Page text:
is catching up to this nonsense that the gig economy is any different than the traditional economy.

The government passed laws that required corporations to insure their employees to have healthcare. The gig economy does none of that, so you have more uninsured people who are in the gig economy. It's time to wake up and say, "Wait a minute. You are still an employee. You have rights. You have entitlements. You're entitled to get overtime. You're entitled to be covered by workman's compensation if you get injured. Otherwise, who’s going to cover you if you get into an accident and can't work anymore? Who's going to pay your insurance? You don't have a pension option. You can't unionize."

All of these basic labor rights were the basis of the labor movement for the last 50 years in the U.S. It has all been eroded and so when regulators are looking at this, they're now saying, "You're not different. You're still driving people for money. Or you're still booking a hotel as if it's a hotel. You have to comply with the same rules as everybody else."

That has been the position we have taken at the NLA to try to get the government to focus and say, "It's not different. You are breaking the rules." And we think there's traction out there at the state level and the federal level and we think it's going to reverse itself. We think ultimately, we'll prevail.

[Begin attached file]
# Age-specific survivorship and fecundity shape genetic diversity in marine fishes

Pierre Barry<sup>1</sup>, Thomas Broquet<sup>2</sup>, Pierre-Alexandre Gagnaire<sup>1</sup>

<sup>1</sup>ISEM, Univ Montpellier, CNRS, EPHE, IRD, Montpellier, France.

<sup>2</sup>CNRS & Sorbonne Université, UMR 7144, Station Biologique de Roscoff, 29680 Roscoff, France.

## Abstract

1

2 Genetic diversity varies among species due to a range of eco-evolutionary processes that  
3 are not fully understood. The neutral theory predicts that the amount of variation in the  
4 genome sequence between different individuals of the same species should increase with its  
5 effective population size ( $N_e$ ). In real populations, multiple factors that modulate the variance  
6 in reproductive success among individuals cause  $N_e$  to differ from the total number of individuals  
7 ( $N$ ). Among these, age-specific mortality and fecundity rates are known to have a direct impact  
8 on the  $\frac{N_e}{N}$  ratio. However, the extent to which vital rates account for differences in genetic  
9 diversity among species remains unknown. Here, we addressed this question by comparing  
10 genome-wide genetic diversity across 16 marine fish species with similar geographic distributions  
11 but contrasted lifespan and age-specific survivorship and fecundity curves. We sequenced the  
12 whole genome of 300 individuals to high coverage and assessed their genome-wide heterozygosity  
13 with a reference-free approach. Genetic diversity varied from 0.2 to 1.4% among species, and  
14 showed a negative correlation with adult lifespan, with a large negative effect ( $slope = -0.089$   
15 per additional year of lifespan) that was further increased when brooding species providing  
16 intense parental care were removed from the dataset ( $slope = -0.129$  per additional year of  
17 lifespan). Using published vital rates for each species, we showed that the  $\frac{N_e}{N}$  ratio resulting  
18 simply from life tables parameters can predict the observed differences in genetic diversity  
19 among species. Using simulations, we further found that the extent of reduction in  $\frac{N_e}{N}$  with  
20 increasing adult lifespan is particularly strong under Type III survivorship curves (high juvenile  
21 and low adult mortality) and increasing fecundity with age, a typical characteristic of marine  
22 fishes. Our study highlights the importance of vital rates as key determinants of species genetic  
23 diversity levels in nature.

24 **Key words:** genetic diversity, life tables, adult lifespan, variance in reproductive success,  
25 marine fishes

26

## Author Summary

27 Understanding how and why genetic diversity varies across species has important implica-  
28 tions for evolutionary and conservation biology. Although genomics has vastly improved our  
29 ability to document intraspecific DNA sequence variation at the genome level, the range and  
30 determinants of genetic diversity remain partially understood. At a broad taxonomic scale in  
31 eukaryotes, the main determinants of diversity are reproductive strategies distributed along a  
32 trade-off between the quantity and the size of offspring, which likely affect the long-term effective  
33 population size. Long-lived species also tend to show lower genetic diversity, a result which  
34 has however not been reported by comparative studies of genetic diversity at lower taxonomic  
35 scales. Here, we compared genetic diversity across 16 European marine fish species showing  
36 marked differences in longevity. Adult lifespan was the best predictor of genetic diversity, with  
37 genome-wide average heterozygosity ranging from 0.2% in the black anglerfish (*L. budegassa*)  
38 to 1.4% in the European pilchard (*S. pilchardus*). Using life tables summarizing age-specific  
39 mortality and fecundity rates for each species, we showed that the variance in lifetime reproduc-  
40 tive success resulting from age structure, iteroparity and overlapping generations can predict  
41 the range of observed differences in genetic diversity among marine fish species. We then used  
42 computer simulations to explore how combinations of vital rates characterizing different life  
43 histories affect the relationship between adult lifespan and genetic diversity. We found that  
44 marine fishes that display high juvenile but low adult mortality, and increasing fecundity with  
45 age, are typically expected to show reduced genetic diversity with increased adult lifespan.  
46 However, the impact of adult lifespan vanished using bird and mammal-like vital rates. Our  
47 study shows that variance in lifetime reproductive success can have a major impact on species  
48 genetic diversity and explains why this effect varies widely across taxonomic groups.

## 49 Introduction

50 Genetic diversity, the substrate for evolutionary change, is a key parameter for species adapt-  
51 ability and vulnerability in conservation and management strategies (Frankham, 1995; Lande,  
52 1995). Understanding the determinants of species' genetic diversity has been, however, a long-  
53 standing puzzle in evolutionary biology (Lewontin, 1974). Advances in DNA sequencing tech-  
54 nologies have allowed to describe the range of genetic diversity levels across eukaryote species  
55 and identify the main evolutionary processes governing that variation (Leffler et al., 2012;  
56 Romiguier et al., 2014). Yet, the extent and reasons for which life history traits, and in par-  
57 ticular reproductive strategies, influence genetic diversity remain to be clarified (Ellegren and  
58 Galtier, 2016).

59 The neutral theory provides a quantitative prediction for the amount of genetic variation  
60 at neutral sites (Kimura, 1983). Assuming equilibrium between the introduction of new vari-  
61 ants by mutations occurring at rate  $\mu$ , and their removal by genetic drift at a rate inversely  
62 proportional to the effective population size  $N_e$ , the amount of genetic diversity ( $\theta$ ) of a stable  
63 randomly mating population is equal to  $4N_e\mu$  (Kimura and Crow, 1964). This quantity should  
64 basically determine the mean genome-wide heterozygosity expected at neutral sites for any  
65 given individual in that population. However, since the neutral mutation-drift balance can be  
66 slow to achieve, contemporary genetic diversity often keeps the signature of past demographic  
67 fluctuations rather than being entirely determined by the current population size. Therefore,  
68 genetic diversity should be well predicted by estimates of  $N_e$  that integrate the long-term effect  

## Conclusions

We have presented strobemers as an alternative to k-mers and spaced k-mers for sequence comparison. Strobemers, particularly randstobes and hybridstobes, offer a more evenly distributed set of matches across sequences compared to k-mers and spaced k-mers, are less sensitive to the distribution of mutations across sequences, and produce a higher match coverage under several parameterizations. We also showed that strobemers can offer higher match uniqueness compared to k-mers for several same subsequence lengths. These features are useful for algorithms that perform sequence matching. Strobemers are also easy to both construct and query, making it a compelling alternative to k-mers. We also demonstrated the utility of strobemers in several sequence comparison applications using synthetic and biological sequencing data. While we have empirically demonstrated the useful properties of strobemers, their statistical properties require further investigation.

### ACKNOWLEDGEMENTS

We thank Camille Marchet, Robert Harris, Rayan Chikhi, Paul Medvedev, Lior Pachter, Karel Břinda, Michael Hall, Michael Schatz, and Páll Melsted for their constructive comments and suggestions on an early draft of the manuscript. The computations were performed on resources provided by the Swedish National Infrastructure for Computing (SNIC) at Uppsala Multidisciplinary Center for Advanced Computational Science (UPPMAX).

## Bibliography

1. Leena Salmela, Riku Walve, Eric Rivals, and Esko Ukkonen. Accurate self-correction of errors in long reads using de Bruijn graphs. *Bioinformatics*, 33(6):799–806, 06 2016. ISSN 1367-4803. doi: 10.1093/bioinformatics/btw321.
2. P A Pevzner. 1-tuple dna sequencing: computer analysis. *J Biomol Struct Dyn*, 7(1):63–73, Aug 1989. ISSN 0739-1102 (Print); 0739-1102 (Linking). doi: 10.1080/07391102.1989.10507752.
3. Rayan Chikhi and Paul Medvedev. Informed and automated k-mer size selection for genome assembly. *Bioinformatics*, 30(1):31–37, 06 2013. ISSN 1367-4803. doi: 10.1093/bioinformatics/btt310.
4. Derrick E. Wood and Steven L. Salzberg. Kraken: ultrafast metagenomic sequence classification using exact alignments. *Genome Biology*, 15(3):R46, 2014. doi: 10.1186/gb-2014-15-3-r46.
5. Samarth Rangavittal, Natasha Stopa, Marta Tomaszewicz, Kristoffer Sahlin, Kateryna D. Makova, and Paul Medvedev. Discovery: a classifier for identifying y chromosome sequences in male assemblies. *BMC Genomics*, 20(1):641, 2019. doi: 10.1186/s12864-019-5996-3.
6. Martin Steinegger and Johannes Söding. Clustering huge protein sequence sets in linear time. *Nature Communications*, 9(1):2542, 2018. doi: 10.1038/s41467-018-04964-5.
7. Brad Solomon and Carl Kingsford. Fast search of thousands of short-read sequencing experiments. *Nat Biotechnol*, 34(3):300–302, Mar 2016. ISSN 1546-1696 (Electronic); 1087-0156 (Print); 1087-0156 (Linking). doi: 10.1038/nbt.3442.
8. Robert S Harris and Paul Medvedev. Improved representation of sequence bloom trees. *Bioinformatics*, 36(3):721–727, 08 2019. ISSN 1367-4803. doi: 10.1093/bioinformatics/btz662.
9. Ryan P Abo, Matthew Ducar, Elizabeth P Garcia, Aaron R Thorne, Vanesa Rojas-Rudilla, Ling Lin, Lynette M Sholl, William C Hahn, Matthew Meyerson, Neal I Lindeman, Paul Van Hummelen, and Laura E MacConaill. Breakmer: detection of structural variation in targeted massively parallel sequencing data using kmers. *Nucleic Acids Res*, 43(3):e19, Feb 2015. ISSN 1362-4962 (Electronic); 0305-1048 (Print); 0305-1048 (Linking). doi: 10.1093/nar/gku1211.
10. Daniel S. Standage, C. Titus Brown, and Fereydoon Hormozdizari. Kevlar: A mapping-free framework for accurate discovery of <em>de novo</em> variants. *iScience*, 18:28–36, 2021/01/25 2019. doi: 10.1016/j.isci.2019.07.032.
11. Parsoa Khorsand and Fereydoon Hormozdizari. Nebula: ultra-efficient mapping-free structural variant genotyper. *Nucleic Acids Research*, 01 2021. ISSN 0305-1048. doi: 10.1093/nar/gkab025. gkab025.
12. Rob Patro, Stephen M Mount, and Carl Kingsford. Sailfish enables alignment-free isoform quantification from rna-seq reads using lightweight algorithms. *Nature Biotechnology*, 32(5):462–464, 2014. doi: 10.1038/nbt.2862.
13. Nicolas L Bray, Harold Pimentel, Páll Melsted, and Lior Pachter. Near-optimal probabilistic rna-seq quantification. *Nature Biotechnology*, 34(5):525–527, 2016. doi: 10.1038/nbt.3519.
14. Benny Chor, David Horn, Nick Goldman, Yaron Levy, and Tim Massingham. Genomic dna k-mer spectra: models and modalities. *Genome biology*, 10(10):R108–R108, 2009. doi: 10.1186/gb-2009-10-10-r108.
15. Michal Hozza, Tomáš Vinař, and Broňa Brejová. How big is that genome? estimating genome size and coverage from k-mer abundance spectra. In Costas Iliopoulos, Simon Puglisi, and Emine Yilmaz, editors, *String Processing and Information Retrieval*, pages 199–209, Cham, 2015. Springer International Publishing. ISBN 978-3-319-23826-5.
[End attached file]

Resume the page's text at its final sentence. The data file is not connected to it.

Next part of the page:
Sara: Employee retention continues to be an industry concern. However, with all the bad press surrounding TNC labor issues, do you see this as a temporary problem for us?

Scott: Well, here's what's going on with Uber in the chauffeured car industry. Three years ago, we all lost people to Uber and Lyft. And three years later, they've all come back. Nobody's leaving traditional companies today to go drive for Uber. And there's a couple of reasons why. Number one, nobody wants to ruin their